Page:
The world is on the verge of a historical demographic transition. For the first time in human history, the number of people aged 60 and over is going to exceed that of children under the age of 10 by 2030. Do we truly know the implications of this phenomenon for our society and economy?
This remarkable transformation is primarily driven by falling fertility and mortality rates all over the world, tremendous progress achieved in medical science and technology, and the ushering-in of industrial development that have empowered individuals and their lifestyle. Our ‘Shifting Lifestyles’ theme seeks to identify the challenges and the opportunities associated with this momentous demographic shift.
Extended longevity is one of the most powerful demographic trends shaping our future. In 1950, there were roughly 130 million people aged 65 and over in the world. By 2015, the size of this age cohort had grown five-fold to reach 600 million globally. This number, according to the United Nations, is set to expand further to nearly 1.6 billion by 2050.
Although the onset and pace of this demographic transition may vary among countries and regions due to specific local conditions, the fact is that the total human population and the share of older people in our midst are steadily increasing. Our lifespan is not only longer, but our healthspan is also better than for adults of previous generations. In other words, we are living longer and better. Such a remarkable social phenomenon will undoubtedly encourage more people to participate more actively in the world economy and to make greater contributions to their local communities and society at large. It is therefore important to seize the opportunities related to the longevity dividend brought forth by the rise of the human tide. This could be one of the biggest stories of the 21st century.
An ageing population and a higher incidence of chronic diseases are driving up medical costs around the world at an increasingly unsustainable rate, alarming various healthcare stakeholders like payers, providers and producers. To keep costs down and still provide high-quality care for patients, the adoption of digital technologies could transform the healthcare industry in the decades to come. Healthcare will no longer be limited to the confines of the doctor’s office only, but will also include locations like your home, workplace or holiday destination thanks to technology.
Given that there are around 6,000 untreatable diseases in the world today, medical breakthroughs in the field of genomics could help unriddle the mysteries of these health conditions at the molecular level and raise hopes of finding personalised cures for patients. We can now even envisage future health, where diseases are better managed, human lifespan is longer, and medical treatments are personalised based on an individual’s unique genetic traits rather than a one-size-fits-all approach for the entire patient population. Indeed, genetic science is revolutionising the way we think about healthcare. For instance, many medical innovations in the areas of Alzheimer’s disease and cancer care, which would have been unthinkable merely a decade ago, could emerge.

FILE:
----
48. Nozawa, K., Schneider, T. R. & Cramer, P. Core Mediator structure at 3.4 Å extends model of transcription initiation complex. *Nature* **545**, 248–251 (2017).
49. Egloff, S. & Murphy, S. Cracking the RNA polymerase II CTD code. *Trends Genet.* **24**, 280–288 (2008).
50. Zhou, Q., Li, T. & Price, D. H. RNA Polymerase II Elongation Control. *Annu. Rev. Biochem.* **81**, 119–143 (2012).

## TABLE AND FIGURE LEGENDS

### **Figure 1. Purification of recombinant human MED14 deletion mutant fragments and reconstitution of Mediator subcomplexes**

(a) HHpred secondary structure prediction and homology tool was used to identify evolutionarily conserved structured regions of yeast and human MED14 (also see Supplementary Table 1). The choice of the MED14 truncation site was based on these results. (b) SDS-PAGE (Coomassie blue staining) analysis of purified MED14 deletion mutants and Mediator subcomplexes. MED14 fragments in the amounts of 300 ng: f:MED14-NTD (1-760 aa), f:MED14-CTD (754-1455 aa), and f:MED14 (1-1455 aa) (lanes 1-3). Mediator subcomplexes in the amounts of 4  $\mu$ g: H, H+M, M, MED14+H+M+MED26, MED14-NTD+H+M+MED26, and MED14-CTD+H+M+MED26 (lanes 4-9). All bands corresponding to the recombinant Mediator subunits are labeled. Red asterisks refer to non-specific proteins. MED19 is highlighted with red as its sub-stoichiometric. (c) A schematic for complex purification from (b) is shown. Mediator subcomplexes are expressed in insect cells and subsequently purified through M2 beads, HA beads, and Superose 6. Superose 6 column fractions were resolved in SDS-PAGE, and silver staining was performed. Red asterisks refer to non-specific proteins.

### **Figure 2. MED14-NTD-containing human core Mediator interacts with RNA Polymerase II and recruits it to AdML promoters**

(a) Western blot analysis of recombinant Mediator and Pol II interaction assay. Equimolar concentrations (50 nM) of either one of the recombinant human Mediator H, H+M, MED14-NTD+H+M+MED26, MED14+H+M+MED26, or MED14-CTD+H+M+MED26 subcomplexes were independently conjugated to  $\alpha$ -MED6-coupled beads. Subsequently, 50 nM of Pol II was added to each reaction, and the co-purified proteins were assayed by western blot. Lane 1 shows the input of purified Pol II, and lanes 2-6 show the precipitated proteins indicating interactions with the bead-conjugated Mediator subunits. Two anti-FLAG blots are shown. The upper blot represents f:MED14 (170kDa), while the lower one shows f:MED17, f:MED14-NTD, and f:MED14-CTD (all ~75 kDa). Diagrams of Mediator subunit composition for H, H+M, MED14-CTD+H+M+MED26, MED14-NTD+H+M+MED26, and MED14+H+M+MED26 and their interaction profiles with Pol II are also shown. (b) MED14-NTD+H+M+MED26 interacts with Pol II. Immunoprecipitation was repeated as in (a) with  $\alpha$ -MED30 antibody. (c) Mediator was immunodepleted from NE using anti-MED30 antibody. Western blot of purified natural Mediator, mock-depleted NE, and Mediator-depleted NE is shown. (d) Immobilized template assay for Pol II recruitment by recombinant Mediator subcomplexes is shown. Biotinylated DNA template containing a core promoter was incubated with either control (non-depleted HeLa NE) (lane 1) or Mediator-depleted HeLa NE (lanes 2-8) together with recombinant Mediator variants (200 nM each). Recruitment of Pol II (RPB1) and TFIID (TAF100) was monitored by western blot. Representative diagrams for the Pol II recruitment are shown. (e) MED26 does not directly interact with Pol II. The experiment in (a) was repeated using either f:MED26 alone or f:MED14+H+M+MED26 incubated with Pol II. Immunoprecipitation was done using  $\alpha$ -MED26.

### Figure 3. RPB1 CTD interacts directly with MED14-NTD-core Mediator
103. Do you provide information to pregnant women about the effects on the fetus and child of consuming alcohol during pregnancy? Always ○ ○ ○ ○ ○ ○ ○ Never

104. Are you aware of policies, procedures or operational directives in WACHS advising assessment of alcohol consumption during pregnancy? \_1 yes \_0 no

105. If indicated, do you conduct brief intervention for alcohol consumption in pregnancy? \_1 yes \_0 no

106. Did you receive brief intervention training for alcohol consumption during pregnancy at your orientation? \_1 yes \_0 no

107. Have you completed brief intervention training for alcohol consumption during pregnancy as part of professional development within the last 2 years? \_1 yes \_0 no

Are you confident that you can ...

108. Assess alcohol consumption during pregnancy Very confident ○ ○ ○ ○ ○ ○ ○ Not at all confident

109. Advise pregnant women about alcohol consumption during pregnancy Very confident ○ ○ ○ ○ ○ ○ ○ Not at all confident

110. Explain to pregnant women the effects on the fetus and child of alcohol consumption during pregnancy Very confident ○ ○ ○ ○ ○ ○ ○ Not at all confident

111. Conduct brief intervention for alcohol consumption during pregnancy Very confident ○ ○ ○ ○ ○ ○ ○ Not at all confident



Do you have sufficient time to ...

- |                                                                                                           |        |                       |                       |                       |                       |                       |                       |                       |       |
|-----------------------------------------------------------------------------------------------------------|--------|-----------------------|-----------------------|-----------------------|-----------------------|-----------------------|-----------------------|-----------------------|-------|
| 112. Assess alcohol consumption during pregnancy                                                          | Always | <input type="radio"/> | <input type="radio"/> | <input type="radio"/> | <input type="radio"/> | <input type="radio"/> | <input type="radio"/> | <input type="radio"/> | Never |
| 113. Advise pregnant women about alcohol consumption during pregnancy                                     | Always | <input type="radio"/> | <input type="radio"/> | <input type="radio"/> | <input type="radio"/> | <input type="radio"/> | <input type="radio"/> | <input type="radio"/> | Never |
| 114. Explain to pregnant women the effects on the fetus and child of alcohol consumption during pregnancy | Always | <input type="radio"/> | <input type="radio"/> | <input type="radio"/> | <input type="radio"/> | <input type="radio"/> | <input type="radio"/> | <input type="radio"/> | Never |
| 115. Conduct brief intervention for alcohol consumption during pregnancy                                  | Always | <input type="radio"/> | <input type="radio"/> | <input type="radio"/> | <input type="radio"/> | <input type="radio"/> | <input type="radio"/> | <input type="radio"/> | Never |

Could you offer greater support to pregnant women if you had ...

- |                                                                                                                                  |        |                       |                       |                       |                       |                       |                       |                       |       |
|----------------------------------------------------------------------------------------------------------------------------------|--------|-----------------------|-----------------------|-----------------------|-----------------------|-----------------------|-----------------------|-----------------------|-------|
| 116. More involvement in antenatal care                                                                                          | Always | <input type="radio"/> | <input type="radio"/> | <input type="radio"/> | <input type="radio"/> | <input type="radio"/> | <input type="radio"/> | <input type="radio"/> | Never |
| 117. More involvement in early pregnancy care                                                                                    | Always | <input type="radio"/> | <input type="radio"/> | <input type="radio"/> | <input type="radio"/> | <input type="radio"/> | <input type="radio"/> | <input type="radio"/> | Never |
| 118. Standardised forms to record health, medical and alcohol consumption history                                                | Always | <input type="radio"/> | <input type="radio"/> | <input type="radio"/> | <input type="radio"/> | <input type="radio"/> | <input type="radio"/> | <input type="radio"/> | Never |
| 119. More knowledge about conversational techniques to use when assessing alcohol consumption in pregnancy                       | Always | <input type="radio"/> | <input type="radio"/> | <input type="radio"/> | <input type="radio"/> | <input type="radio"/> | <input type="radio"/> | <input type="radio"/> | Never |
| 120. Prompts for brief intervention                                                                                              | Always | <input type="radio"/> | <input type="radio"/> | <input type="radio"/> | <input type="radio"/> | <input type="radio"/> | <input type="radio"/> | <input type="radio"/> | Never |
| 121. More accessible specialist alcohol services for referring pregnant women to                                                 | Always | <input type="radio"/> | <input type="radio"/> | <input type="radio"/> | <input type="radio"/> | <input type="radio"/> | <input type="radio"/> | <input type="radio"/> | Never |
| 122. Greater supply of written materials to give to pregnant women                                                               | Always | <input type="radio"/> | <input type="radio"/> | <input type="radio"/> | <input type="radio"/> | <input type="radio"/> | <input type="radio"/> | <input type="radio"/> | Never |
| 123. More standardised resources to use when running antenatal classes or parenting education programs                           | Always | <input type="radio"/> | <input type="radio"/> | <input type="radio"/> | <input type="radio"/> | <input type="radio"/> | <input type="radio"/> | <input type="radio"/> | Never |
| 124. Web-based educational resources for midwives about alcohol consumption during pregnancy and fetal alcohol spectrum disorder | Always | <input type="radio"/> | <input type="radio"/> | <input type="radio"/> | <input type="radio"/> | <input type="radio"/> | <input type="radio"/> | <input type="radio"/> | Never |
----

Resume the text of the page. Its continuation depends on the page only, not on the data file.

We are undoubtedly standing at an important juncture in the history of healthcare, as every discovery in our understanding of genomics brings us closer to precision medicine. The combination of rapidly declining genome sequencing costs with ever-stronger computing power also means that we will not only be able to understand the human genetic code like never before, but we will also be better prepared for present and future health threats. While we see genomics as an integral and indispensable part of future health, we also acknowledge the risks related to the enactment of new regulations arising out of ethical and privacy considerations.
Our personal well-being is highly dependent on the state of our health. For this reason, sages of the ancient world have long taught about the importance of the art of living a balanced lifestyle that combines fitness and health with emotional well-being and relationships. Despite the passing of time since such knowledge was discovered, healthy living remains as relevant as ever for the present-day world. Due to the increasing demands of the modern way of life, however, chronic diseases and other health conditions have been on the rise. Indeed, physical and mental well-being constitute two important components of overall health. Not only can individuals be debilitated by chronic physical conditions, such as cardiovascular disorders, diabetes, hypertension, and obesity due to unhealthy diets and the lack of movement, mental health can also affect them. People living better and happier will thus inevitably have profound implications for our society and economy.